What exactly does $1.2 trillion in student loan debt look like? Take a look at the map below to get an idea. College students across the nation are carrying the burden of student loans–knowing that eventually, just when they’re struggling to find a job and get on their feet in ‘the real world,’ they’ll be required to repay the debt and interest.
Sound familiar? It probably does. Student loans have become a fact of life for most Americans, and the heavy debt new graduates are saddled with doesn’t bode well for their future or the economy as a whole. We interviewed two student loan debt experts to find out why this type of debt is so oppressive and what can be done to manage it.
The current state of student loan debt
Ja’Net Adams, speaker, author, and personal finance coach at DreamGirl, told us why student loan debt is more problematic than we may realize: “The average student loan debt for the 2015 graduate is $35,000, and that does not include other debt that they may have been carrying–credit cards, car loans, medical debt, etc. The student loan debt alone can keep a graduate from actively participating in life and contributing to the economy.”
Bryce Collins, social media specialist at student loan debt crowdfunding site LoanGifting, has seen it first-hand and agrees: “New graduates with student loan debt are finding it harder and harder to do things like buy a car, own a home, or start a family until much later in life. Graduates with debt also find it more daunting to start a business, and some are even refused employment or raises because their credit is bad due to student loans. As a result of less new businesses, there will be less new jobs as well.”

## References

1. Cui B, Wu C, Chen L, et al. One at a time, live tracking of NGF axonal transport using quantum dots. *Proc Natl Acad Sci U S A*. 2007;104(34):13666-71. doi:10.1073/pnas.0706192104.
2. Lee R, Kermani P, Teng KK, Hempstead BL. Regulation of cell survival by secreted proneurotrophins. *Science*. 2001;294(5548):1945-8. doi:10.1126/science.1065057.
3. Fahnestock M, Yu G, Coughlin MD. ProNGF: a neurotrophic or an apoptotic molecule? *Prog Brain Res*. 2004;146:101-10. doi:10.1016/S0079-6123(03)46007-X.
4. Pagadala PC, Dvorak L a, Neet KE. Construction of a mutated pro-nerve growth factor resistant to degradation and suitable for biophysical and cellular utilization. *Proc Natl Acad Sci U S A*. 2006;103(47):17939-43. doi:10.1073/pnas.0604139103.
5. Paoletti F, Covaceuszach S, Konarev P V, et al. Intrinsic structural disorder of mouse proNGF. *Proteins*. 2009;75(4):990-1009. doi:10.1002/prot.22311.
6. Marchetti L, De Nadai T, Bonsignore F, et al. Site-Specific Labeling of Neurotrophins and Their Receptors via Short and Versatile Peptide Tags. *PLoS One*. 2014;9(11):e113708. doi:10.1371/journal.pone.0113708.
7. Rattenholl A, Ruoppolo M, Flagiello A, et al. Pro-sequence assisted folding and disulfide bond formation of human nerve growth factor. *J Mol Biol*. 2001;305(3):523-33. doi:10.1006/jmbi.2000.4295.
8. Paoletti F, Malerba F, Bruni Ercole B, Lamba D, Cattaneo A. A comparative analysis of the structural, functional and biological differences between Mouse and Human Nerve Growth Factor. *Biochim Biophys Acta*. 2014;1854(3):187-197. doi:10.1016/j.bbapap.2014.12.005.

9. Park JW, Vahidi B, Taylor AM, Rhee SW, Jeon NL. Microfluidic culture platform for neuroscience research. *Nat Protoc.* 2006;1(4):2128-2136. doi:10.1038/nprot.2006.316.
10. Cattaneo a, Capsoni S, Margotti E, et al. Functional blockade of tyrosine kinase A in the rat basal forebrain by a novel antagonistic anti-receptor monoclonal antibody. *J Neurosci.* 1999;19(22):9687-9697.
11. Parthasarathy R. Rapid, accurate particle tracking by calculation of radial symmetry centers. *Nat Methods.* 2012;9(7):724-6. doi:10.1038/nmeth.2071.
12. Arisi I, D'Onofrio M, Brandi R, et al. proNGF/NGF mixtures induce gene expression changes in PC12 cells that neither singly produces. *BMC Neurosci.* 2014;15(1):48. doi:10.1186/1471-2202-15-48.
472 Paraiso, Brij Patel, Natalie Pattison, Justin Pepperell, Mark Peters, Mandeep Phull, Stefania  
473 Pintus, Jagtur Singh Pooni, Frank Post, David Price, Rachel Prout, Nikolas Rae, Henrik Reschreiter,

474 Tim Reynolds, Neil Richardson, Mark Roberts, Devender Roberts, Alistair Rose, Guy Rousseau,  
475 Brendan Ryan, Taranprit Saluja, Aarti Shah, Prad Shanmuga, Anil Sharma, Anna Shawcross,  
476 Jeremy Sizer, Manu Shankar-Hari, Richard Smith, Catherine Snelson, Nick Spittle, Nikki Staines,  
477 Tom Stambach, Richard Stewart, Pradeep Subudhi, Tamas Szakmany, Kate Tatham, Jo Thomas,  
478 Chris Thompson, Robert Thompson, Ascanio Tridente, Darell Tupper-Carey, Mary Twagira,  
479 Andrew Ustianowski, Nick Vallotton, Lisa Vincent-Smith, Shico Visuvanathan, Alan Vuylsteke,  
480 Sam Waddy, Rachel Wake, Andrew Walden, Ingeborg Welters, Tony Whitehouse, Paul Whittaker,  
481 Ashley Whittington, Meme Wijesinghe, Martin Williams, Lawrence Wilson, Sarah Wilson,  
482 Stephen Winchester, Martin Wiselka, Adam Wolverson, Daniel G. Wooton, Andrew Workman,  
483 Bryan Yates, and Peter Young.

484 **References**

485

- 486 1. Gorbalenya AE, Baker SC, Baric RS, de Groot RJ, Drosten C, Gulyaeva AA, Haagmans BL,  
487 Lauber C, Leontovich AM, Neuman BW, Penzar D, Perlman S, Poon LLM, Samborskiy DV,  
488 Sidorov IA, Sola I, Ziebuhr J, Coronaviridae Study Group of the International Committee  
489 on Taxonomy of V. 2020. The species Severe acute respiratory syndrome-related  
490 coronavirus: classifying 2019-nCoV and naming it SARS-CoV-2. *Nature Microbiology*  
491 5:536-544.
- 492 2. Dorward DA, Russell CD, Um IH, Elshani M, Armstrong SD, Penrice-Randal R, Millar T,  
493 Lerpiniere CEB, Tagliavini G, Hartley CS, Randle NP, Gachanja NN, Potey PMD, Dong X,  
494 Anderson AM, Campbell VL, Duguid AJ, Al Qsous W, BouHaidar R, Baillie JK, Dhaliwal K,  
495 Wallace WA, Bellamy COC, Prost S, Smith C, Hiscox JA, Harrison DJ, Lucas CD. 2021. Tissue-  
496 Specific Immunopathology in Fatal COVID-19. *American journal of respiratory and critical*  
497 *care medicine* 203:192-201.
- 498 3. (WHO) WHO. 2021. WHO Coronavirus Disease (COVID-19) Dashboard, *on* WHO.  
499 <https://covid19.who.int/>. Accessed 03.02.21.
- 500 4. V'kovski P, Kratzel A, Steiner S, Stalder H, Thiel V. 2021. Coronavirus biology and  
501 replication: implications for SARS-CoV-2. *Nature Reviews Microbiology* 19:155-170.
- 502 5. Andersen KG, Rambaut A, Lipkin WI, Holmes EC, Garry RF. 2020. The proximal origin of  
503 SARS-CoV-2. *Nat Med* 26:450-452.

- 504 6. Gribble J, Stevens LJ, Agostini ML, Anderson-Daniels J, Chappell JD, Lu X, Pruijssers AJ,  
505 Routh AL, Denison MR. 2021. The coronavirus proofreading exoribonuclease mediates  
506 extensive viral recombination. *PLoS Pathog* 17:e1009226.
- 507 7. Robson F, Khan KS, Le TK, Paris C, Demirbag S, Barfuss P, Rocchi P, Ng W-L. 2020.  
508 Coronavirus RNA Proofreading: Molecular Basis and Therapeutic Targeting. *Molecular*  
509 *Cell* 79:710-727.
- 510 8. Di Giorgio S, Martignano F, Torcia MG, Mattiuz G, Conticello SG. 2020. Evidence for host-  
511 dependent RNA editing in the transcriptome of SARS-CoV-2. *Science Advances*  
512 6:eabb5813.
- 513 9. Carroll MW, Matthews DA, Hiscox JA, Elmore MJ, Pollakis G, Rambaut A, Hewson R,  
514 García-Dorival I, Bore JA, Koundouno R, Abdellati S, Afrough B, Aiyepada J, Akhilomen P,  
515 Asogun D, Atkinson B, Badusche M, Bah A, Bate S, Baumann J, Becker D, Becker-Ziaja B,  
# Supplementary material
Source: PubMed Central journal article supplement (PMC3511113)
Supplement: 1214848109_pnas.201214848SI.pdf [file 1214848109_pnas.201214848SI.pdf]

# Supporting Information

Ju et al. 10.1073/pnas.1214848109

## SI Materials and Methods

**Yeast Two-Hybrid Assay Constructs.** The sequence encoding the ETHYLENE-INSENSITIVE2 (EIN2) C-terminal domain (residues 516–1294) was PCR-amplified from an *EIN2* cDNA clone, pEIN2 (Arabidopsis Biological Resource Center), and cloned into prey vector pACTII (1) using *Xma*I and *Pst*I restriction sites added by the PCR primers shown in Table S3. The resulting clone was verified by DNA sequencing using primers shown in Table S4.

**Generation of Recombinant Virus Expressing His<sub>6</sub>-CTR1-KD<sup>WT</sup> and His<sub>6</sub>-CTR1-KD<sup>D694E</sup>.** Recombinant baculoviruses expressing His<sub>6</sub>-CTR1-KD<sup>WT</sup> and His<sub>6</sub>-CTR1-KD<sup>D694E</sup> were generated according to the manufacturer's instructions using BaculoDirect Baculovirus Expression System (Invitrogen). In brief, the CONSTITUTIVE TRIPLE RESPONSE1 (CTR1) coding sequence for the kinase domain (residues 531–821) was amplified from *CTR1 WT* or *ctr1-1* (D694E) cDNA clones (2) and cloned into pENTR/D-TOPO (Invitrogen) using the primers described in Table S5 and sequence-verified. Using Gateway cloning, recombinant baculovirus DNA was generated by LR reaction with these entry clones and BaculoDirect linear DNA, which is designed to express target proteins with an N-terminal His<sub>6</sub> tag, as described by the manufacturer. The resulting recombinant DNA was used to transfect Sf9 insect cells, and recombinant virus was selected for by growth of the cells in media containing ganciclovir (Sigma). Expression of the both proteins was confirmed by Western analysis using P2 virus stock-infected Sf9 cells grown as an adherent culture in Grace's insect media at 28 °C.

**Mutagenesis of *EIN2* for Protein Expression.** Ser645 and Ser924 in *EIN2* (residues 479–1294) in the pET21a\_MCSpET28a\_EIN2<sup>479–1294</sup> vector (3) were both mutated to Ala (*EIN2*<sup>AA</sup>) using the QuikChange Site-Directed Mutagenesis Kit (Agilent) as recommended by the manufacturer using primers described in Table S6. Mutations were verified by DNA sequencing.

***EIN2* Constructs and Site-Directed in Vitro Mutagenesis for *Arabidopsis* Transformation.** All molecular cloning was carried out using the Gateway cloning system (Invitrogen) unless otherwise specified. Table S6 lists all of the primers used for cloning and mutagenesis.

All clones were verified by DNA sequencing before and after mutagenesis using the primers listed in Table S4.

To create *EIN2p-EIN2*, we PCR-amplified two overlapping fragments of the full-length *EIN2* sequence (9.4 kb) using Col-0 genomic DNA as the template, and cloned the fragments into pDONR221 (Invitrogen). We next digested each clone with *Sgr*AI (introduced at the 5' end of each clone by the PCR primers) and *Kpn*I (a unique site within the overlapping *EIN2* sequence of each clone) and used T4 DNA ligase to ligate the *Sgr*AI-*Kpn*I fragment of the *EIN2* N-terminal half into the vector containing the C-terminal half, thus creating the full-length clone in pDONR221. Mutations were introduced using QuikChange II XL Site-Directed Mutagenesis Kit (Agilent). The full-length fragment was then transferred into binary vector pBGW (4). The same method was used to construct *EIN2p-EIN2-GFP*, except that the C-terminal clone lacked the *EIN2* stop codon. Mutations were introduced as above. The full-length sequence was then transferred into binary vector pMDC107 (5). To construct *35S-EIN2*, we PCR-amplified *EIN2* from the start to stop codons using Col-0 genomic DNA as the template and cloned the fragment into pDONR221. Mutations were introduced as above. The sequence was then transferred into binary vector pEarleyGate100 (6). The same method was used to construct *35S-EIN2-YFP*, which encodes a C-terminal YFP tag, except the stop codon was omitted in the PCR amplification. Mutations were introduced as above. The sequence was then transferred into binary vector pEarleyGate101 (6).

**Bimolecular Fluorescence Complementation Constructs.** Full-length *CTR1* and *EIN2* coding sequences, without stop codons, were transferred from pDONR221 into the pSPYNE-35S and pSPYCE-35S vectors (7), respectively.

The effects are far-reaching, even manipulating the housing market, according to Adams.
“Graduates are not buying homes and that impacts multiple industries and generations. Baby boomers who are looking to downsize and want to sell their homes to millennials are finding that the buyers are not there. This causes baby boomers to stay in mortgages as they approach retirement and less income. These graduates who are not buying homes are also not buying furniture, electronics, appliances, alarm systems, etc.”
The burden of debt so soon after graduation is changing the way this generation begins life after college, and the effects can be felt in almost every area of the economy.
How do you manage and pay off student loan debt?
If student loans are a fact of life, then so is the resulting debt. If a student hasn’t managed to land a well-paying job after graduation, suddenly being hit with payments and hefty interest rates that may have accrued while they were in school can be a financial disaster.
Collins says there are a few ways to make sure you stay in control of the amount you owe: “First, give back what you don’t need. There is no sense in paying interest for money that isn’t completely necessary. Another thing to consider is that some loans rack up interest even while you are in school, so waiting until you graduate to start repaying might not be the best idea.”
If you can, begin paying your loans down while still in school to gain an edge and keep yourself from being overwhelmed by interest after graduation.
Adams encourages lifestyle changes after graduation that can help borrowers stay on top of their debt: “Know that you are going to be making more money after you graduate, but the key is to still live like a college student. You have lived like a college student for two to four years. What is a few more years? Imagine that you are making $2500.00 a month, but living off of $1500.00. That’s $1000 a month that can go solely to paying off student loans. In one year, you can pay off $12,000.00!”